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The Monday Garden
Goldenrod & Ragweed

Issue No. 75 - August 31, 2003
by Sue Sweeney


It must be fall because the goldenrod's blooming.  Goldenrod's a lovely fall bloomer that's gotten a totally undeserved bad rap as a major source of allergy-causing pollens.  It's not.  Goldenrod's just a nice, friendly, easy-to-get-along with native. 


It's another native plant, ragweed (Ambrosia species), which blooms at the same time that's the villain.  In the picture, taken in a local vacant lot, the goldenrod is surrounded by ragweed.

Worse yet, not only is ragweed the source of much human misery; it's horribly invasive, crowding out everything in its path.   Ragweed has lacy, pointy leaves with silvery undersides; the green flowers blend into the background.  Easy plant to overlook.  However, now that you're looking for it, you'll see ragweed everywhere -- roadsides, fence lines, railroad embankments, parking lots, gardens.  Like poison ivy (issue 74, 08/24/03), we have only ourselves to blame.   All it needs is freshly turned earth and sun; it has a deep taproot so it's doesn't care about drought.  Its seeds will wait 40 years in the soil for the right conditions to come along before germinating.

Ragweed didn't get out of hand until the European settlers along the East Coast cut down much of the forest and plowed up the land.  Indeed, I read in the New York Times recently that archeologists date the mud at the bottom of the Long Island Sound by the ragweed pollen count which rocketed upwards in the 1800's.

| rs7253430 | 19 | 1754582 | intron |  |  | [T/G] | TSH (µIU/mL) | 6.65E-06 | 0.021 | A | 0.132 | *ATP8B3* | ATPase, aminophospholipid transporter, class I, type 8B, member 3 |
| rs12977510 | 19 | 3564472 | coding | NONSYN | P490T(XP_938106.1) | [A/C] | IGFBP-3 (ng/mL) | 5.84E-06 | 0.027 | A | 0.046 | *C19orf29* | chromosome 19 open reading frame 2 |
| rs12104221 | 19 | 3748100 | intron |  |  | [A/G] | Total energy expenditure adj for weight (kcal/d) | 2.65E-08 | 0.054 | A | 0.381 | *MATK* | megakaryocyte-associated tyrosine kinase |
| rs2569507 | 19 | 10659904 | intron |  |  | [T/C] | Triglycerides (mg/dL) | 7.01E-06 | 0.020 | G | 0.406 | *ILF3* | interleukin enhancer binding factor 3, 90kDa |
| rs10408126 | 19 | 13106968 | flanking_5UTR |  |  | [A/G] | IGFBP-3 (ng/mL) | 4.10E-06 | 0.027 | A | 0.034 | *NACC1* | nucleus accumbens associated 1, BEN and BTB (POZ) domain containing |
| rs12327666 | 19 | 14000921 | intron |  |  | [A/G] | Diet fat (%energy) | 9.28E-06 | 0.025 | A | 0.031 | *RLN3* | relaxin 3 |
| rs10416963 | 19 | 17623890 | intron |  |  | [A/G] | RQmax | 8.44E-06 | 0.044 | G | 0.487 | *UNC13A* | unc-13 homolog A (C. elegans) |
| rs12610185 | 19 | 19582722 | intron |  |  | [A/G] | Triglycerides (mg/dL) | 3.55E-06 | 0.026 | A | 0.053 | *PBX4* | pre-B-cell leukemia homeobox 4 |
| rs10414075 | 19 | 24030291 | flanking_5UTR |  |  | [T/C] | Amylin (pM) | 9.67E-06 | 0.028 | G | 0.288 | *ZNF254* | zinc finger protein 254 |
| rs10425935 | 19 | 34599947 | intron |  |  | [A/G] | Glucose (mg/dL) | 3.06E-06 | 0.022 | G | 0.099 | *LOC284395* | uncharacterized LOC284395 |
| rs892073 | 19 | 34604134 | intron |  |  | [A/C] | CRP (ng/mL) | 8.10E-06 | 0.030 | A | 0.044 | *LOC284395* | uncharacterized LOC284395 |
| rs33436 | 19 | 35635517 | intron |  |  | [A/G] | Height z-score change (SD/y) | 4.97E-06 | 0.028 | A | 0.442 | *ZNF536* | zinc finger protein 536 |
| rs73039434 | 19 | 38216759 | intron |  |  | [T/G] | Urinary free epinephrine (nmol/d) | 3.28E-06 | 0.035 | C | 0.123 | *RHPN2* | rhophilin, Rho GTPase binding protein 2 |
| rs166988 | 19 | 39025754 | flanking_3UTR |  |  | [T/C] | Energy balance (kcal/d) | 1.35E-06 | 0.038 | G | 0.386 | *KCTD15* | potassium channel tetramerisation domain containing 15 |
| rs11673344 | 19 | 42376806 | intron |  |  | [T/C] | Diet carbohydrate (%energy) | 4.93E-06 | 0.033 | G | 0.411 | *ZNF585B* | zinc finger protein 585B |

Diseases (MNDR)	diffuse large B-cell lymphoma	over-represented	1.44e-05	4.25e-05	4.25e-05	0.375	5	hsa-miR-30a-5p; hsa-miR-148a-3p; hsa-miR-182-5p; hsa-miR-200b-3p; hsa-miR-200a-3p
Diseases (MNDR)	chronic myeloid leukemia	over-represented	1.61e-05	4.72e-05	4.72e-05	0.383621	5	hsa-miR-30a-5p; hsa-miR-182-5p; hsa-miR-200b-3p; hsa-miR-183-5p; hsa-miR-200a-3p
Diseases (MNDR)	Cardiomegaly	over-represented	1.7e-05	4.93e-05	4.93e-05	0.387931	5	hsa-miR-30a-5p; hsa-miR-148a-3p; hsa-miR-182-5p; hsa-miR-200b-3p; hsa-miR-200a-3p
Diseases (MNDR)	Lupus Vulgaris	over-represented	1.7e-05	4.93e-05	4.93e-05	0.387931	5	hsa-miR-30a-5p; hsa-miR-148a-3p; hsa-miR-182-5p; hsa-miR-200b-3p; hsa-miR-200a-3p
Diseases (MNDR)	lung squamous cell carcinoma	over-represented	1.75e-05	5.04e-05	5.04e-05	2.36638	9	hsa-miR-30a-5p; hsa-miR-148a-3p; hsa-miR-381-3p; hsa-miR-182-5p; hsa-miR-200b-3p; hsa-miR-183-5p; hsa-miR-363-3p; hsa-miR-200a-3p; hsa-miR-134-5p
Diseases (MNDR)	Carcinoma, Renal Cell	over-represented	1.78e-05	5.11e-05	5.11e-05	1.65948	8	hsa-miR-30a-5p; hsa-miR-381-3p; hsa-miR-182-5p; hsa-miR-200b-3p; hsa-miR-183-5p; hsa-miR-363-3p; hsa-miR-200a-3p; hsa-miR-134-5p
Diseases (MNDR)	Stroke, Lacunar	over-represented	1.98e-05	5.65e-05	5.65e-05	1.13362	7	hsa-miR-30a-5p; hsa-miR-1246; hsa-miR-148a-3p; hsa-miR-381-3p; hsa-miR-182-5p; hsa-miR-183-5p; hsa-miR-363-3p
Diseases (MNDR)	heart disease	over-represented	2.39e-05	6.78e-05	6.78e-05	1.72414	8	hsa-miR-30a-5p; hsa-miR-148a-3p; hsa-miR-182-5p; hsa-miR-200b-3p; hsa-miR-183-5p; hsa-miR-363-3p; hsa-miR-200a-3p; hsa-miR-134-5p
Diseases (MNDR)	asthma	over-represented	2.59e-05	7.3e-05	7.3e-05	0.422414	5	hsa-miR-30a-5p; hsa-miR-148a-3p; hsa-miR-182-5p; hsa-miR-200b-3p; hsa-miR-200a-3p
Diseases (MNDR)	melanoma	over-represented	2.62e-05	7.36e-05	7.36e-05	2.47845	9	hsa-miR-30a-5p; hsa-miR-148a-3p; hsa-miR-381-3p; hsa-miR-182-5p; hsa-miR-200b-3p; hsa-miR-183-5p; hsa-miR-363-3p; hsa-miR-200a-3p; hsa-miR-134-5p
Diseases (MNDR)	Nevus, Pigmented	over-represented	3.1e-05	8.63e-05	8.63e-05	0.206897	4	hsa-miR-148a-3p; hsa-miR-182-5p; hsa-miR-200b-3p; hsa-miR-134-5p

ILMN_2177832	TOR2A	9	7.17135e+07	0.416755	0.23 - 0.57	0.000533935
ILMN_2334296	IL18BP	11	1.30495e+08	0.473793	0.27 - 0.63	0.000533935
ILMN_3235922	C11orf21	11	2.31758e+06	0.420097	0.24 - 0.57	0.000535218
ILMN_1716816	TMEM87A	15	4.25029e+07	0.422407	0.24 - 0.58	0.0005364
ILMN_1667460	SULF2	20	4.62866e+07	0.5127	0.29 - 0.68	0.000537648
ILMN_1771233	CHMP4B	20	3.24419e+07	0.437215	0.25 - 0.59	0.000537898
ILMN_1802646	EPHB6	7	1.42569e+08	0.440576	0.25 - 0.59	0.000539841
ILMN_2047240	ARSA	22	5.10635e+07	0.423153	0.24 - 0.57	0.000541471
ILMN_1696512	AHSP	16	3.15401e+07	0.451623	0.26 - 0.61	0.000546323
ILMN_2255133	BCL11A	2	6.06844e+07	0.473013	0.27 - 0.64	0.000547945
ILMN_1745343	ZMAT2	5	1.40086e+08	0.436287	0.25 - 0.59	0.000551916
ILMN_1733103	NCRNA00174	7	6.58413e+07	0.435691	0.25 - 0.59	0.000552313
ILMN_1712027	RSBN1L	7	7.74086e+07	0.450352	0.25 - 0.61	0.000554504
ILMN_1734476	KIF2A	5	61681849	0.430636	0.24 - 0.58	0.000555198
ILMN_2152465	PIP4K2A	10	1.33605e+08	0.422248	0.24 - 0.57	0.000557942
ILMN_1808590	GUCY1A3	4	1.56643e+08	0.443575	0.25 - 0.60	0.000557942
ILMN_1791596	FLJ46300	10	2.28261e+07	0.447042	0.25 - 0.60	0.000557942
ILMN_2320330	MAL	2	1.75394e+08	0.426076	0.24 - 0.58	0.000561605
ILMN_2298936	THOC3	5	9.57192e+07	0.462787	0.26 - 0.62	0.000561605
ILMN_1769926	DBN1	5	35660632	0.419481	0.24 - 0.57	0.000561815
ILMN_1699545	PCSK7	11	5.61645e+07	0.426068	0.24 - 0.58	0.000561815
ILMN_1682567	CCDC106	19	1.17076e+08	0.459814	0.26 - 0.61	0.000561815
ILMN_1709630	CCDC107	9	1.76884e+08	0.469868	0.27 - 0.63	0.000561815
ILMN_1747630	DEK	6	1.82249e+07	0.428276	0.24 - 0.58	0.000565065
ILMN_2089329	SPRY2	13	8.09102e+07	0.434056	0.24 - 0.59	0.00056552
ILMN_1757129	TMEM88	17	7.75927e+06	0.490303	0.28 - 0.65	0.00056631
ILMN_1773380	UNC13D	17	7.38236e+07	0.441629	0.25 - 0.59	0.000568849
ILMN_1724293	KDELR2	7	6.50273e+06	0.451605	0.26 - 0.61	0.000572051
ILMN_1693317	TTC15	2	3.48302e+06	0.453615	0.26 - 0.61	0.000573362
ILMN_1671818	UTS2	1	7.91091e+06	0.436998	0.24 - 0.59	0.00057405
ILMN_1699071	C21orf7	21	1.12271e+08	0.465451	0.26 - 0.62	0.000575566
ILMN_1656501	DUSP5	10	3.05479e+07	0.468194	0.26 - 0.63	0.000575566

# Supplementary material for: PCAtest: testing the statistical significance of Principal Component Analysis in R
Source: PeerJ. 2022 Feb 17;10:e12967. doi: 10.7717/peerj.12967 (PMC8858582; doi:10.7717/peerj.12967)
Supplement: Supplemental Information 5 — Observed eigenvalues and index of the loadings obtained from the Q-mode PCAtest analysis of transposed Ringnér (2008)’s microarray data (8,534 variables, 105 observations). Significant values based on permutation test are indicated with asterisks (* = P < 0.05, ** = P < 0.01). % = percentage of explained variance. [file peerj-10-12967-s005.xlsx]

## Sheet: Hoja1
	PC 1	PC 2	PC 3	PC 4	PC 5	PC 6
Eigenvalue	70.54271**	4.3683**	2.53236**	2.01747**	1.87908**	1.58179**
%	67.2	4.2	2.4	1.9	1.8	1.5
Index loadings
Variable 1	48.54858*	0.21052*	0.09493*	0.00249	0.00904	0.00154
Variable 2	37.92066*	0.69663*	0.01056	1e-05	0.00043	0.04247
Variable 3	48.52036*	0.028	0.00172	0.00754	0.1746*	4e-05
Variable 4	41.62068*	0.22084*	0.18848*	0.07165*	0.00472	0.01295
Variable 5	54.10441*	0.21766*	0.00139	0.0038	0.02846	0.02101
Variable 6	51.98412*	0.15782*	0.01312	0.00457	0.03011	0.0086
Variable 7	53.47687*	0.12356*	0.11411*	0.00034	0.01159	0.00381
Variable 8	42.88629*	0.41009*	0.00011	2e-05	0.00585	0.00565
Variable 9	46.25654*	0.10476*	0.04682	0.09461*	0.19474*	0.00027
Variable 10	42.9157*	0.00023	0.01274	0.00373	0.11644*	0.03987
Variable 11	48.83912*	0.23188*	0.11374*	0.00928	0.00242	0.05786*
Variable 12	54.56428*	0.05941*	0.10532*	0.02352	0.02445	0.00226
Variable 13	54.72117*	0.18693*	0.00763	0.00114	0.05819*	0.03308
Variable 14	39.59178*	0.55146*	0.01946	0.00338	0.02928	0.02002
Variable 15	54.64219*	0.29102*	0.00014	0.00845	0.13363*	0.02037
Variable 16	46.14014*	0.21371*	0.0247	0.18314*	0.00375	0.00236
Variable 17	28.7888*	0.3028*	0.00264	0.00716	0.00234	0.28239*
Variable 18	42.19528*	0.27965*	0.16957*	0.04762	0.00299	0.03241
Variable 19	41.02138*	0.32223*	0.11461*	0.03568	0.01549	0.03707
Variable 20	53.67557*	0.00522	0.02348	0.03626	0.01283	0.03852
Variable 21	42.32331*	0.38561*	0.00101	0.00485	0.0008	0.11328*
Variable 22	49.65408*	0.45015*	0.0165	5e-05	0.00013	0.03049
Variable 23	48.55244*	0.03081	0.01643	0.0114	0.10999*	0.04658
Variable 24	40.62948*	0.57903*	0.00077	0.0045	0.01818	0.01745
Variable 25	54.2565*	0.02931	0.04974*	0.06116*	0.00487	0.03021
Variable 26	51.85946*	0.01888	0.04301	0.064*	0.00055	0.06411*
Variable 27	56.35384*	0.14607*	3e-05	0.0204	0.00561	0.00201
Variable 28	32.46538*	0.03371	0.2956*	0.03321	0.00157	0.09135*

Ragweed is useful to non-humans.  The oil-rich seeds are good bird food, particularly in winter.  The leaves are munched on by some insects, which in turn are hopefully munched on by birds, toads, and other insect eaters.   However, it doesn't play nicely with others and crowds out equally valuable plants like goldenrod.

Indeed, because of the large number of people who are allergic to it, I think it's un-neighborly to tolerate it on your property.  Particularly, these days when so many kids already have asthma, we need to make more effort to eradicate the noxious stuff.

Meanwhile, back to goldenrod.  It's beloved of birds, and bees, and other beneficial insects.  There are over 60 goldenrod species on the East Coast.  You find them in sunny spots along the edge of woods, fence lines, roadsides and the like.  There's even a seaside variety.  It's also a great garden plant. 

More information on ragweed: http://www.dep.state.pa.us/dep/deputate/airwaste/aq/pollen/plant.htm,
From The Monday Garden. Copyright © by Sue Sweeney. Reproduced with permission. 

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